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Brilliant Traces Begins Today at the nexStage Page 3
Wagon Days Brings Good Size Crowd to Town
Caritas Chorale’s Annual Benefit Dinner, Sunday Page 10
Rebecca Rusch: Out of the Fire, Into the Race Page 16
S e p t e m b e r 4 , 2 0 1 3 • Vo l . 6 • N o . 3 6 • w w w.T h e W e e k l y S u n . c o m
read about it on PaGe 7
Greenhorn Inferno BEAVER CREEK FIRE
Osage Indian firefighter Bobby Robideaux checks out a bandana at Zions Bank.
Bandanas Pile Up STORY & PHOTO BY KAREN BOSSICK
ome donated bananas, apparently misunderstanding the directive. But those who got it right donated more than 7,000 bandanas for firefighters working the Beaver Creek Fire that terrorized much of the Wood River Valley for nearly two weeks. They donated enough for the 1,800plus firefighters who initially worked the fire, as well as those who came in to relieve them. “I don’t recall a community ever donating a bunch of bandanas like this for the firefighters,” said Fire Information Officer Bonnie Strawser, as she and others combed through a bag full of pink bandanas, orange bandanas, blue bandanas and even bandanas with deer embroidered on them. “It’s cool the way the community grabbed onto this effort. Everyone’s wanting to help.” The idea was broached by Blaine County Sheriff Gene Ramsey, who knew that valley residents wanted to do something to show their appreciation but also knew that firefighters already being fed 6,000 calories a day did not need more brownies and chocolate chip cookies, even if they were of the yummy, homemade variety. When a firefighter asked him where he could find a bandana, Ramsey knew he was on to something. Bandanas are valued pieces of equipment by firefighters who use them as sweat bands and to cover their faces while working in the smoke, said the Beaver Creek Fire’s Incident Commander Beth Lund. “We’ve had fun with it,” said Ramsey. “I told officials at one of the morning briefings that I’m strong enough to wear pink. Then I gave pink bandanas to Disaster Services Coordinator Chuck Turner, Ketchum District Ranger Kurt Nelson and Incident Commander Beth Lund. They have to wear them all day—any time they’re caught without them they have to give money to local charities.” KECH Radio News Director Dayle Ohlau said the radio station has even fielded requests from people across the country who wanted to donate bandanas. Firefighter James Black, engine boss with the Osage National Wildland Fire Management Team from Pawhuska, Okla., was among several Osage and Comanche firefighters who stopped by Zions Bank Friday afternoon and accepted blue bandanas with notes of appreciation attached to them by the bank’s patrons. “It was difficult fighting fire here, coming from flat land. The terrain is bad here—no wonder everyone here is so fit. But it’s beautiful country and we like the bandanas,” said Bobby Robideaux. tws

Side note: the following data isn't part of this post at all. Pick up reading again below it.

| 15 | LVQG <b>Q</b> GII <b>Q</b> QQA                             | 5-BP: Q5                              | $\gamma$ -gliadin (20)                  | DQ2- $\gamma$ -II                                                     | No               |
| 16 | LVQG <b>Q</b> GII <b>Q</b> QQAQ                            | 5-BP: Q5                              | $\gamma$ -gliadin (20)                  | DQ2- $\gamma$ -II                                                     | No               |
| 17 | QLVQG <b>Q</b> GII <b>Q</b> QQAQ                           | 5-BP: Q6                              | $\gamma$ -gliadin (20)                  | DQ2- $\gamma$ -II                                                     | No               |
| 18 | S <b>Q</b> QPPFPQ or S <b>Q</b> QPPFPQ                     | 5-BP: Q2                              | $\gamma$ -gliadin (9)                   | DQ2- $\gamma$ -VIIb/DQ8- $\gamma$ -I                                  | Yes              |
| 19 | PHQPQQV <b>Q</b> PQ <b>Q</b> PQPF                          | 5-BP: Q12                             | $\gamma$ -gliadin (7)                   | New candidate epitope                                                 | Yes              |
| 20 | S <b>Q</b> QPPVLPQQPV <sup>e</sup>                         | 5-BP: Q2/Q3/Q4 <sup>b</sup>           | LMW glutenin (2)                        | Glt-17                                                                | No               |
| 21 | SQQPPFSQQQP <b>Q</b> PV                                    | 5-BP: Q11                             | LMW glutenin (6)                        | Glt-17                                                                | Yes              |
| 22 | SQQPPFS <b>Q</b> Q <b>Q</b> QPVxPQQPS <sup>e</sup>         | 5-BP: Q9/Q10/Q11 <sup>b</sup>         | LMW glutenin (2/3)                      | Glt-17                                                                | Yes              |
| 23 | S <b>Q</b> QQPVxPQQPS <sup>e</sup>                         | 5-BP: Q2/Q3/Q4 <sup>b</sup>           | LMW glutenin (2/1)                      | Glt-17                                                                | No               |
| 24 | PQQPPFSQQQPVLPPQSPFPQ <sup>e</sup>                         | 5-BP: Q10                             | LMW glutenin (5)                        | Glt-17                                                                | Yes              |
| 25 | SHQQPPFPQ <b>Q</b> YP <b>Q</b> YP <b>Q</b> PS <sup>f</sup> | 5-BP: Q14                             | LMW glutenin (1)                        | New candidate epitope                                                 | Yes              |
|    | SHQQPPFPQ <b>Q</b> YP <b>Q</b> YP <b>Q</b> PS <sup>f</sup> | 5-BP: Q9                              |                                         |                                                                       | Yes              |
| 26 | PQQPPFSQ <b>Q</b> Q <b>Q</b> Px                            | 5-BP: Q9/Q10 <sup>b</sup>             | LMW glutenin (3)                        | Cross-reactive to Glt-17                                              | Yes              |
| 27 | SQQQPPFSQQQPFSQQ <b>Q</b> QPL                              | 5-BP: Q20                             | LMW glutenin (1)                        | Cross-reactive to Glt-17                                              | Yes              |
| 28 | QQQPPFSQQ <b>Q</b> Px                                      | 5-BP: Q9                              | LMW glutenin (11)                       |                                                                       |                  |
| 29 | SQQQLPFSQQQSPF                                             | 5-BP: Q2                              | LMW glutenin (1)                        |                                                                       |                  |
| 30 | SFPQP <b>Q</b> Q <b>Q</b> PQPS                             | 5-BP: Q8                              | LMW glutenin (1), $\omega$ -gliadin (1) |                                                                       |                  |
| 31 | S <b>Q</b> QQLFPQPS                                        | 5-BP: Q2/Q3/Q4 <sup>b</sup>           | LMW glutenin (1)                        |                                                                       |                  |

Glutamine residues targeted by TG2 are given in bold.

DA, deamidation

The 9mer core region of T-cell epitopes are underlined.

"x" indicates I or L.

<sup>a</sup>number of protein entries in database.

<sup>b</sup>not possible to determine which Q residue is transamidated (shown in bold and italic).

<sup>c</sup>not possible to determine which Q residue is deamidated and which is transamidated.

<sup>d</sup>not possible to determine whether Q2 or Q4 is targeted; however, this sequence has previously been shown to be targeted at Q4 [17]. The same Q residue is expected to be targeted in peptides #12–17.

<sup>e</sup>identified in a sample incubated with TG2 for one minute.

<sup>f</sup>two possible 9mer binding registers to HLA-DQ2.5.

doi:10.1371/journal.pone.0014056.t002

Harry Huffaker and Barbara Kline, sitting on a bench that has half the retardant cleaned off it, could watch the fire glowing in the distance every night from the Moonstone Ranch where they evacuated. PHOTO: KAREN BOSSICK/SUN Editor’s Note: This story inadvertently got left out of the Aug. 28 issue of The Weekly Sun.
BY KAREN BOSSICK